At a nearby compound we met a group of separatists from the Tuareg ethnic group who control Kidal. They are worried that Mali’s military government, who control the south of the country, might try to seize what is left of the UN base when the international force pulls out. He says this could lead to renewed fighting.
“If these camps are handed over by Minusma to the Malian army, Minusma will be responsible for what happens next,” Bilal Ag Sharif, the local Tuareg leader, told us.
“The Malian government will also be responsible because it is demanding something that is not its right, and we will not accept it,” he added, making it clear his group will not give up control of the region without a struggle.
As well as providing security, the 12 UN bases across Mali also support about 10,000 local jobs. They employ translators, drivers, people to distribute food and provide services such as street lighting and some very basic healthcare.
“It will leave these people without any work without any hope, without any source [of income] to feed their families,” Sharif told us. He’s worried Islamist militant groups will step in and benefit.
“This will give extremist groups new opportunities for recruitment,” he said.
In the refugee camp we had seen rows of children huddled on the ground of a makeshift school.
A teacher hit their heads with a cane as they recited verses from the Quran.
Their parents had been killed by IS and it was easy to see how they could be targeted and recruited by militant groups as they grow up.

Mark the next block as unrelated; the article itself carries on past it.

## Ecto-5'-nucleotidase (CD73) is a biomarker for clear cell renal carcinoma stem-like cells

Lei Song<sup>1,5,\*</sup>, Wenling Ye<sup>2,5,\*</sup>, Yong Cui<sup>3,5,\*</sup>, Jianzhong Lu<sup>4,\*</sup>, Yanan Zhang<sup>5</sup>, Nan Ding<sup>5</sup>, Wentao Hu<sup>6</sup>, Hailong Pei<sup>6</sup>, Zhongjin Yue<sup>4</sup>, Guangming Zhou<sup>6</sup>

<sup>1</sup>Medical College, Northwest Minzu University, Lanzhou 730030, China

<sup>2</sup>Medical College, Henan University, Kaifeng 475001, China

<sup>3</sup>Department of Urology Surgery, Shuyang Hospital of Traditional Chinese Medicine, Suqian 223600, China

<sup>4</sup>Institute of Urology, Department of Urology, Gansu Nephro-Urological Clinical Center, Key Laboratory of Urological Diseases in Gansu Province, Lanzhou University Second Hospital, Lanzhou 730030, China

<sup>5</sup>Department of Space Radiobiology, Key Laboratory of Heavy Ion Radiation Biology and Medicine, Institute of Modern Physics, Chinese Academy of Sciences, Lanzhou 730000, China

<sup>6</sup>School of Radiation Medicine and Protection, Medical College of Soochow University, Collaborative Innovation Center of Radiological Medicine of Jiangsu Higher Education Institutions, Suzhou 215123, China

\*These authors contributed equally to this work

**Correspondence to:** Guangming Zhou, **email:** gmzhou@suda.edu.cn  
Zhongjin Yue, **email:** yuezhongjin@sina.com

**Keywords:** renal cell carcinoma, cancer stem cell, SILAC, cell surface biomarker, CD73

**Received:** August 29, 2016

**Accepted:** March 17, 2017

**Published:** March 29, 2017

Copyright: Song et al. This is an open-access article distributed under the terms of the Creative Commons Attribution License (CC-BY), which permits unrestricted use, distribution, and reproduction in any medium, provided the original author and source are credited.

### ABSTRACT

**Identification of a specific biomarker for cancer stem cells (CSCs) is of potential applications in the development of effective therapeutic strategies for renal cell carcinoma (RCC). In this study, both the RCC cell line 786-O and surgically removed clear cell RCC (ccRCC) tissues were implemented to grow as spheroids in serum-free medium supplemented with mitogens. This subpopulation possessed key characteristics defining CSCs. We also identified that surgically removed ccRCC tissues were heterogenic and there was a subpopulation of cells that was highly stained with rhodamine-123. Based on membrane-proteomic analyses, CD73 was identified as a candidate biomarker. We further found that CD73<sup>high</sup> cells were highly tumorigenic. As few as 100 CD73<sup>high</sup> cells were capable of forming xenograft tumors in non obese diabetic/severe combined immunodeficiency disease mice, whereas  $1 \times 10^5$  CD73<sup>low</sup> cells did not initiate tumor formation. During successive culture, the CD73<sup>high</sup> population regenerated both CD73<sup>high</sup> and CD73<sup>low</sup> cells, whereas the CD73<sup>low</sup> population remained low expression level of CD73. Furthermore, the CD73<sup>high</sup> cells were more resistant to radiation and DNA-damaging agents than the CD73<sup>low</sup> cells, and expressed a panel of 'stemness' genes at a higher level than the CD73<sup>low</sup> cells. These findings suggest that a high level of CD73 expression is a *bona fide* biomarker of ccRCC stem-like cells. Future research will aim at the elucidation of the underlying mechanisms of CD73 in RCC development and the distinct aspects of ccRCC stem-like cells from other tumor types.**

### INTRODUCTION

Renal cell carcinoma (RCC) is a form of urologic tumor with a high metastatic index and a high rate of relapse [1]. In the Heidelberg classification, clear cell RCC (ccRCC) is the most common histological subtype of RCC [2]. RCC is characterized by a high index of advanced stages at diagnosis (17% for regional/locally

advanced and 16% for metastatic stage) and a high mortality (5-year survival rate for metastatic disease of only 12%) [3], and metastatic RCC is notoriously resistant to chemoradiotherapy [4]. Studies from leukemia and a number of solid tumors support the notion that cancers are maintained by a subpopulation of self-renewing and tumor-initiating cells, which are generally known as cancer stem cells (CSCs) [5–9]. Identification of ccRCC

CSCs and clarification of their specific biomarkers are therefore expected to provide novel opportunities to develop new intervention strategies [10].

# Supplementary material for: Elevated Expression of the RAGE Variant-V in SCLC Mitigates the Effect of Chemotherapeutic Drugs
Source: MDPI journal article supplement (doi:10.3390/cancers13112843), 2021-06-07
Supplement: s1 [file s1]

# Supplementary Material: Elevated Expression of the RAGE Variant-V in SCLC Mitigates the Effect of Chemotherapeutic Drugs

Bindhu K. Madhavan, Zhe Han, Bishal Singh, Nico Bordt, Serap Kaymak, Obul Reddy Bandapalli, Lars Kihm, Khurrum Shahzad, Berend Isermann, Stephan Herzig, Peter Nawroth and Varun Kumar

The motivation of the Wagner group in the region has been questioned, however. The US government has accused it of running gold and diamond mines in other African countries, saying it is a “destabilising force”, mainly interested in profiting from natural resources.
A few days before the plane crash in Russia, Yevgeny Prigozhin appeared in a video which suggested he was in Africa.
The BBC has not been able to verify where the video was filmed, but in it, Prigozhin said the group was making Africa “more free” and that Wagner was exploring for minerals as well as fighting Islamist militants and other criminals.
Just outside Kidal, we visited one of Mali’s many gold processing plants. It’s only a small operation, with little heavy machinery and much of the panning and smelting is done by hand.
But with hundreds of sites like this across the country, Mali manages to produce more than 60 tonnes of gold a year, making it one of Africa’s top five exporters of the precious metal.
Tuareg groups are worried that Wagner soldiers might try to seize control of the local gold industry and sites like this one. If they do, Sharif warns there will be bloodshed.
The UN has warned that the threat from jihadist groups has increased across Mali, Niger and Burkina Faso in the past year.
All three countries have had military coups, with civilian governments pushed out of power in Burkina Faso in 2022 and in Niger in July this year.
And with Wagner’s future now uncertain, it’s unclear how much Mali can rely on the group for security. If the situation within the country deteriorates further, it could have a knock-on effect causing wider instability in the region.
Source : BBC